Oil has been under price pressure since 2014. The initial catalyst for falling oil prices was declining worldwide demand (or at least the fear of it). Since then, the inability of oil exporting nations to implement and enforce production cuts, increases in U.S. oil production, and continued falling demand due to weak (or negative) economic growth led to downward price pressure. Oil prices, as measured by West Texas Intermediate Crude (WTI), fell from a high of $107.62 a barrel on July 23, 2014, to a low of $26.21 on February 11, 2016. Since the February 2016 low, the WTI has traded between $53 and $40 a barrel through September 2016.

In a research reported titled "2016 Mid-year Sovereign Review and Outlook," published July 2016, Fitch reported downgrades of 15 sovereign ratings (mainly in emerging market countries) with 22 on Negative Outlook. A Negative Outlook indicates the potential for a negative rating action (downgrade) within a two-year time frame if currently observed trends continue. Lower commodity prices were highlighted as the "single most important factor responsible for downward ratings momentum." The recovery of oil prices from its 2016 lows and continued strength in commodities are a credit positive for oil exporting countries, such as Brazil, Mexico, Russia or Venezuela, lessening the likelihood of default on government debt obligations.

As of year-end 2015, U.S. insurers reported a total exposure of $151.8 billion (or $126.7 billion, excluding sovereign bonds) to oil exporting countries. The exposure (excluding sovereign bonds) was comprised of $119.5 billion in bonds (mainly corporate bonds, $117.9 billion) and $7.3 billion of stock. While potential default on foreign government bonds is unlikely, it could affect corporate bond exposure. In addition, about 68% (or $16.9 billion) of the oil-exporting country exposure was to bonds issued by Canada (AAA, Fitch/S&P). The second largest exposure was to Mexico (BBB+, Fitch) at 10%, or $2.5 billion.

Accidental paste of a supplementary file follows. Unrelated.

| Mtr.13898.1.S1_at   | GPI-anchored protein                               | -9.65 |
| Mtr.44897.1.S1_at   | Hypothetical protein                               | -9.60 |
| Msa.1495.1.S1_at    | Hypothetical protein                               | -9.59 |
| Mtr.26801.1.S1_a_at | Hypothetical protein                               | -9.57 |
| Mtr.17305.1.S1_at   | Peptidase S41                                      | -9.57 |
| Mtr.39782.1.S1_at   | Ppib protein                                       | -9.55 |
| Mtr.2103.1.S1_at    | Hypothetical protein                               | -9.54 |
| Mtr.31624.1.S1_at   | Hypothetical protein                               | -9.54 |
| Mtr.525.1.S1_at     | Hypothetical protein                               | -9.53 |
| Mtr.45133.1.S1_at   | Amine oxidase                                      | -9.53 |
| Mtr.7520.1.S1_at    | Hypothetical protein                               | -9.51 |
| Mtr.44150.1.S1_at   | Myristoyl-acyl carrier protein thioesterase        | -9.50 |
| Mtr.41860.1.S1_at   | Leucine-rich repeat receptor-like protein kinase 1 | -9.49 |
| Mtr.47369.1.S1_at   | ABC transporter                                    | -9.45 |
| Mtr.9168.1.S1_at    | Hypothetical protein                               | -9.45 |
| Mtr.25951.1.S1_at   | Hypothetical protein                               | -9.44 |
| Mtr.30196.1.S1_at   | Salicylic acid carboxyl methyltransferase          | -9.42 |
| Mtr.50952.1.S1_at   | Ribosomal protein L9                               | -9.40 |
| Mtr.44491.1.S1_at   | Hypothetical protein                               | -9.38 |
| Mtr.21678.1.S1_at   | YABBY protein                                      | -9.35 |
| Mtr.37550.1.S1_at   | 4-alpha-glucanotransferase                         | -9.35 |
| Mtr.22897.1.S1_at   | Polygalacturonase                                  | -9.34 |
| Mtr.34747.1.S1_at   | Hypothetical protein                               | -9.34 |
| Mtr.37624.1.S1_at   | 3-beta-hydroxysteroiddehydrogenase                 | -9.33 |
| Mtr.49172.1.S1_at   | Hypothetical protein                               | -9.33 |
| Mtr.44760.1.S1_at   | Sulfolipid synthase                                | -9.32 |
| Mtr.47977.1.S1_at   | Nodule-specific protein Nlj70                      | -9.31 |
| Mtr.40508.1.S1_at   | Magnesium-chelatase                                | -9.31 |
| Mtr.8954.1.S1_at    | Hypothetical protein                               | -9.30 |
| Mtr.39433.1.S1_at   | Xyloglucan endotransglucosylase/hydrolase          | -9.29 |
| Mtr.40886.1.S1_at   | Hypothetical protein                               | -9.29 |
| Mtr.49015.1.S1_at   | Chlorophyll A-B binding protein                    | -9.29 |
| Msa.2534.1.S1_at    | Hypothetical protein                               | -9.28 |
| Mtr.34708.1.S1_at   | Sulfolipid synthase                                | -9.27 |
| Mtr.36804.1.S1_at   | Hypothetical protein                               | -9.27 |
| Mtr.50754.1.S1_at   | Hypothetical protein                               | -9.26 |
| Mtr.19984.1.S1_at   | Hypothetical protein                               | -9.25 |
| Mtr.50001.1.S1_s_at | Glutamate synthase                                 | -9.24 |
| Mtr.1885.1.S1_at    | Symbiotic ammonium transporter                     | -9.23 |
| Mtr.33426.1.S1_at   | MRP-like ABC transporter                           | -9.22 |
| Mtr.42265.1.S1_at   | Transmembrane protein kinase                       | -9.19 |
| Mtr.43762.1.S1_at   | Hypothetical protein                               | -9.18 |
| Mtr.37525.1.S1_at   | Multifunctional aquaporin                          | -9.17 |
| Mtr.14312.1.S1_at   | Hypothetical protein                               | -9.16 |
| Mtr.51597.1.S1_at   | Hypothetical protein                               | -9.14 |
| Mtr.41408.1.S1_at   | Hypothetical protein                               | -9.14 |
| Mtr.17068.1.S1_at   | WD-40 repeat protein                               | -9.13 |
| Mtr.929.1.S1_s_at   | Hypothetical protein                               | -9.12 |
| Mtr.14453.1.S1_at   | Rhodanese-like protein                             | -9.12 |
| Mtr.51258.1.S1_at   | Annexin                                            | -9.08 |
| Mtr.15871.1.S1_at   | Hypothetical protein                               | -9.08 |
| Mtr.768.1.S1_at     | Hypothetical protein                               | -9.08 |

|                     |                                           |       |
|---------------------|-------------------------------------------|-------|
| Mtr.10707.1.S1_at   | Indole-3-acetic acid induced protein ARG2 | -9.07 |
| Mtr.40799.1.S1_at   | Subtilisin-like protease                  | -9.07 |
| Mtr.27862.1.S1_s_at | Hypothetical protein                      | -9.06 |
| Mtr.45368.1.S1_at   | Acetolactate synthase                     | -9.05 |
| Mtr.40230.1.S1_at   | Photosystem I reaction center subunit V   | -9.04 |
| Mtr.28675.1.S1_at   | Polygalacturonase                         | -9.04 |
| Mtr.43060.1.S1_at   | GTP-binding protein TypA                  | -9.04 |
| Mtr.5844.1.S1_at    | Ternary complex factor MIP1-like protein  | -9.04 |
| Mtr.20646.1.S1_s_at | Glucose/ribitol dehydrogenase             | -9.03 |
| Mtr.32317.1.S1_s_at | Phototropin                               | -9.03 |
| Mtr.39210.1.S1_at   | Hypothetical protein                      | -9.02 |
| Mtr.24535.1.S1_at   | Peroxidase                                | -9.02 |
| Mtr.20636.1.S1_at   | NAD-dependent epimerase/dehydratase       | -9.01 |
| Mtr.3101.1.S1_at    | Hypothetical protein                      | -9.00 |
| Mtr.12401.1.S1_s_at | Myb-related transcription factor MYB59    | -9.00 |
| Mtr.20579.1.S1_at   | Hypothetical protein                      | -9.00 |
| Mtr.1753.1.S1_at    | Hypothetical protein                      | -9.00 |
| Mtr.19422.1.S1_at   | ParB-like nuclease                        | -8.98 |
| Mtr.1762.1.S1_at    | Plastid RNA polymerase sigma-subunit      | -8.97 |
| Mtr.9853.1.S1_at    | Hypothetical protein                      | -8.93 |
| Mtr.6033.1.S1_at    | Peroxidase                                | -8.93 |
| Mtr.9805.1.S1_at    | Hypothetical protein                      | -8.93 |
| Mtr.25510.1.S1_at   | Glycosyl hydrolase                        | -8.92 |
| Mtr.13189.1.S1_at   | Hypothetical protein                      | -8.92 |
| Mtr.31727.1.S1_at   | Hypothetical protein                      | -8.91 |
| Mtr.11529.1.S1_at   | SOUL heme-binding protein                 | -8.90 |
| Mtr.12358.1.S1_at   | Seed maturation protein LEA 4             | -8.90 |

EU Bond Exposure

Table 7 and Table 8 show a category breakdown (i.e., financial, sovereign and "other" non-financial corporate) of the U.S. insurance industry's exposure to EU countries, particularly the Eurozone, as of year-end 2015 and year-end 2014, respectively. The percentage of foreign bond holdings concentrated in EU countries was about 40% total foreign bonds at year-end 2015, which was relatively consistent with year-end 2014. Total EU bond exposure (which includes Eurozone and other EU members) was $252.7 billion as of year-end 2015 versus $248.1 billion as of year-end 2014. From 2014 to 2015, U.S. insurers decreased exposure to EU sovereign bonds and those in the foreign financial sector. Most EU bond exposure was within the "other" bond category, at 83%. Furthermore, exposure to countries under the euro currency (Eurozone) increased slightly to $136.8 billion in 2015 from $133.6 billion in 2014. Overall, EU exposure increased only about 2% year-over-year (YOY) as of year-end 2015.

Table 7: 2015 Bond Exposure to Eurozone Countries by Sector ($ Mil. BACV)